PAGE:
The Hepatitis C Trust is pursuing legal action against NHS England for its decision to limit the number of patients who can receive new hepatitis C drugs.
In March 2016, NHS England announced that treatment with several new drugs would be limited to 10,000 of the most in-need patients in 2016–2017, in order to manage costs. There are an estimated 160,000 patients living with hepatitis C in England.
The Hepatitis C Trust, a UK charity, says it wrote to NHS England and requested that the organisation reconsider its decision. “NHS England replied with a response that The Hepatitis C Trust did not find satisfactory. With great regret it now has to consider seeking a judicial review of the decision,” the charity says.
NHS England has defended its approach, describing the trust’s decision to pursue legal action as “strange”. “Over the past year the NHS has actually made hepatitis C treatment its biggest single [new] investment — making available £200m,” it says. Only 7,000–10,000 patients are expected to come forward for treatment, NHS England adds, although a previous estimate from the organisation put the figure at 10,000–20,000 people.
In 2015, several new hepatitis C drugs were approved by the National Institute for Health and Care Excellence (NICE), the health technology assessment body that provides evidence-based guidance to the NHS. The NHS is legally obliged to fund and resource medicines and treatments recommended by NICE’s technology appraisals.
“This is the first time NHS England has imposed a cap on drugs that NICE has said are cost effective and must be made available,” says The Hepatitis C Trust.
However, NHS England maintains that the decision to treat patients based on greatest clinical need is in line with NICE guidance. “The right approach is to do what NICE and the NHS recommended, namely treat urgent hepatitis C patients first — as we have done — and then work through the backlog of chronic but non-urgent cases over time, while taking advantage of downward pressure on drug prices,” says an NHS England spokesperson. “By contrast, attempting to do what some of the drug companies and their partners would prefer would create a bill for British taxpayers running into the billions, meaning dramatic offsetting cuts in other critical NHS services.”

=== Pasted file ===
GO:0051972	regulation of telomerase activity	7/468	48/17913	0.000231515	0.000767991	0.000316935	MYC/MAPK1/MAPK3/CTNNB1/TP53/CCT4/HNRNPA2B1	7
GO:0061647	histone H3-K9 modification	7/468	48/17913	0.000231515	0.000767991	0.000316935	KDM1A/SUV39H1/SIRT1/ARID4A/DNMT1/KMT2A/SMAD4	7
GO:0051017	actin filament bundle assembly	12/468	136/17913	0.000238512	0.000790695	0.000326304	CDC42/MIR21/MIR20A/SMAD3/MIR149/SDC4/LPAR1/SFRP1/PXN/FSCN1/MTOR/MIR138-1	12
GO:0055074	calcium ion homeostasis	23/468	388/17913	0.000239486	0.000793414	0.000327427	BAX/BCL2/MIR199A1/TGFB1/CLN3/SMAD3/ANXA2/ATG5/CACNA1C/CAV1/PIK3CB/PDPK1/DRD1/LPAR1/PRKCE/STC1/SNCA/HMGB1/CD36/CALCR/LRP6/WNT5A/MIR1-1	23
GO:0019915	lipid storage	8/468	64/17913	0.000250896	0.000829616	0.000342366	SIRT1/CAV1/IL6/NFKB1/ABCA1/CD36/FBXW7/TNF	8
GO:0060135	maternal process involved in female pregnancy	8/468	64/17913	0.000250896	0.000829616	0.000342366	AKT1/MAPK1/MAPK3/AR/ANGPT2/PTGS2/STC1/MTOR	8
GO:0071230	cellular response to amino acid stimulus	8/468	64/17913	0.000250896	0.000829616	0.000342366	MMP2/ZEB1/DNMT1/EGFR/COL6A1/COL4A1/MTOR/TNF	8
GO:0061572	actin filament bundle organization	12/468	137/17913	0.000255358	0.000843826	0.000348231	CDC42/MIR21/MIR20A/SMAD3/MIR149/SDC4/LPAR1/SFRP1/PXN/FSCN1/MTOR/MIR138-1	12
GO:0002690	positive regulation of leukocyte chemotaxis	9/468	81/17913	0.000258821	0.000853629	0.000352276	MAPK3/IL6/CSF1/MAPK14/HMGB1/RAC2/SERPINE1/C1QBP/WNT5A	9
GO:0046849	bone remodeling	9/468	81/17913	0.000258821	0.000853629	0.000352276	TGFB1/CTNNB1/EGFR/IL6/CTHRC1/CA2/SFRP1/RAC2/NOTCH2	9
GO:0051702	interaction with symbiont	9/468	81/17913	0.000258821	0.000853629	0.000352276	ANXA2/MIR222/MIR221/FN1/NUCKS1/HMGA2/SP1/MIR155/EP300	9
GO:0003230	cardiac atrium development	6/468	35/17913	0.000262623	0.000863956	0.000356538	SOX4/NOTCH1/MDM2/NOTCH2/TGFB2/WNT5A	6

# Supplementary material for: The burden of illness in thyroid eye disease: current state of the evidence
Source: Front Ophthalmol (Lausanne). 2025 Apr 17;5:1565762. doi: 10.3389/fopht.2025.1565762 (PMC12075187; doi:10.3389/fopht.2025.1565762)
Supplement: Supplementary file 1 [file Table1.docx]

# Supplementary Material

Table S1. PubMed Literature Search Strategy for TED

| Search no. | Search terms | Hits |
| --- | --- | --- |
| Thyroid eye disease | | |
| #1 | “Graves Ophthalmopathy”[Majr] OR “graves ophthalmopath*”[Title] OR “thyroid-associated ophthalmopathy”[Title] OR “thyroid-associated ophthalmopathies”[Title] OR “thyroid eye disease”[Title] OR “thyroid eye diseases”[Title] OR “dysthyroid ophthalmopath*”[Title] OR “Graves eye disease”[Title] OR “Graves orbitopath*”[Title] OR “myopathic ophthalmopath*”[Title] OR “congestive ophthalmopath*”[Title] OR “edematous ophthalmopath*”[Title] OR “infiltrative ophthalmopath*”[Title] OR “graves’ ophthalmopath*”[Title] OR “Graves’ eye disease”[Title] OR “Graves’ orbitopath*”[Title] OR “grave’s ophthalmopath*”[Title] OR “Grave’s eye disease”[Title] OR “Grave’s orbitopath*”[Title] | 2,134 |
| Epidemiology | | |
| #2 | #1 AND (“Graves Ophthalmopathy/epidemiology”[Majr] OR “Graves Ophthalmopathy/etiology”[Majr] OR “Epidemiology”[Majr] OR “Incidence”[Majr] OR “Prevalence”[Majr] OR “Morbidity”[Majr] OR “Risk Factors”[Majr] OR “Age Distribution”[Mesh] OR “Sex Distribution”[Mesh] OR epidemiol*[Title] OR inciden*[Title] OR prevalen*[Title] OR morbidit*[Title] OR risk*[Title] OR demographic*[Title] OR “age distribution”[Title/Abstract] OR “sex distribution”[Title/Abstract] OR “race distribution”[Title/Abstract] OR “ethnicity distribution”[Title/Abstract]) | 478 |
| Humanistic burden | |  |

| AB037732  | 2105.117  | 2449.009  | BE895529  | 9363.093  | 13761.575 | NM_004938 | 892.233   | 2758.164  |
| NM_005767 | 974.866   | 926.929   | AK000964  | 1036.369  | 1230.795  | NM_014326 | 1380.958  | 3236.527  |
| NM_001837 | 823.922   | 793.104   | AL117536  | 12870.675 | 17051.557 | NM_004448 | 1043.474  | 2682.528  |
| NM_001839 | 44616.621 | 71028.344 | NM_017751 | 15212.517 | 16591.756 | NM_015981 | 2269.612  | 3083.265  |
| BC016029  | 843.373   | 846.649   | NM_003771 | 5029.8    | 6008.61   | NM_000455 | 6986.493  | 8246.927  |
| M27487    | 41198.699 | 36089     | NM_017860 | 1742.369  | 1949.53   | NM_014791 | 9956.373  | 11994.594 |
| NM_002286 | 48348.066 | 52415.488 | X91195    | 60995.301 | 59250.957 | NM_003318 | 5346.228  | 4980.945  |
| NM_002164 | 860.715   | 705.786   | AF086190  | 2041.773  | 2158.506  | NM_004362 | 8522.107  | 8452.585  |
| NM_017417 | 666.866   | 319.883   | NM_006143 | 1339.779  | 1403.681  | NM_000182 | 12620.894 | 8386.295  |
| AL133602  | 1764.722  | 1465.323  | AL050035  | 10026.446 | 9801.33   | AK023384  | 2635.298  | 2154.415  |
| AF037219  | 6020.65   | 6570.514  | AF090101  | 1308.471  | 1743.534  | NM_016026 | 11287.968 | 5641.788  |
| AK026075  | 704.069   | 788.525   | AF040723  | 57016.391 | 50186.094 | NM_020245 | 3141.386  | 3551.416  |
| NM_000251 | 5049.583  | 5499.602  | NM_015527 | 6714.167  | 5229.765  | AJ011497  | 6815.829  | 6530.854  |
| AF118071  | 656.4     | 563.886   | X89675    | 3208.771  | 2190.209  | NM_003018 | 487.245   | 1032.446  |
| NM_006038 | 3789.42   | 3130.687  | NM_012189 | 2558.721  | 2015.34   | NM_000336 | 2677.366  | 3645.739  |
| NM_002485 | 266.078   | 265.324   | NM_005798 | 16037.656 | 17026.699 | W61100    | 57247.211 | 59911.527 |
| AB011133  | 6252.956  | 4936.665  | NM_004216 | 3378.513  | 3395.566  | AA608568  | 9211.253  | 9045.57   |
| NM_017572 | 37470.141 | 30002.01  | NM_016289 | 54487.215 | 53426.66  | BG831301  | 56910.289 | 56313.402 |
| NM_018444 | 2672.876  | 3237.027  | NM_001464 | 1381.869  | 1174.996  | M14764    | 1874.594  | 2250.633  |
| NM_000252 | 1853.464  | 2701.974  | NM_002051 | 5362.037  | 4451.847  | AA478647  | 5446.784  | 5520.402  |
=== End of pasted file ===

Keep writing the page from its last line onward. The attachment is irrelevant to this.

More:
The public list prices of the new drug regimens range from £60,000 to £120,000 per person, depending on whether a 12-week or 24-week course of treatment is used. However, the actual cost of these drugs to the NHS is expected to be far lower, after discounts agreed with the pharmaceutical companies. For example, the NHS’s budget of £200m for 10,000 patients is a cost of £20,000 per person.
The new generation of hepatitis C drugs are highly effective, offering cure rates of more than 90% and a far more tolerable side effect profile compared with older, interferon-containing drug regimens.
“It is truly ironic that NHS England should choose to start rationing drugs that are so effective they cure almost everyone who is treated,” says Charles Gore, chief executive of The Hepatitis C Trust. “It feels like people with hepatitis C are being picked on. We are having to look to the courts to protect them.”
In comparison, the NHS is estimated to spend more than £500m a year on treating HIV and more than £500m a year on rheumatoid arthritis treatments.
The Hepatitis C Trust also points out that NHS England’s approach to tackling hepatitis C is in “marked contrast” to countries such as Australia, Germany and Scotland, which “see the introduction of these new drugs as an opportunity to treat as many as possible and eliminate hepatitis C in their countries”.
In the past few months, NHS England has also come under fire for backing out of funding drugs for pre-exposure prophylaxis (PrEP) for men at high risk of contracting HIV, a strategy that can prevent 92% of infections. After the National AIDs Trust began legal proceedings, NHS England said it would reconsider its decision.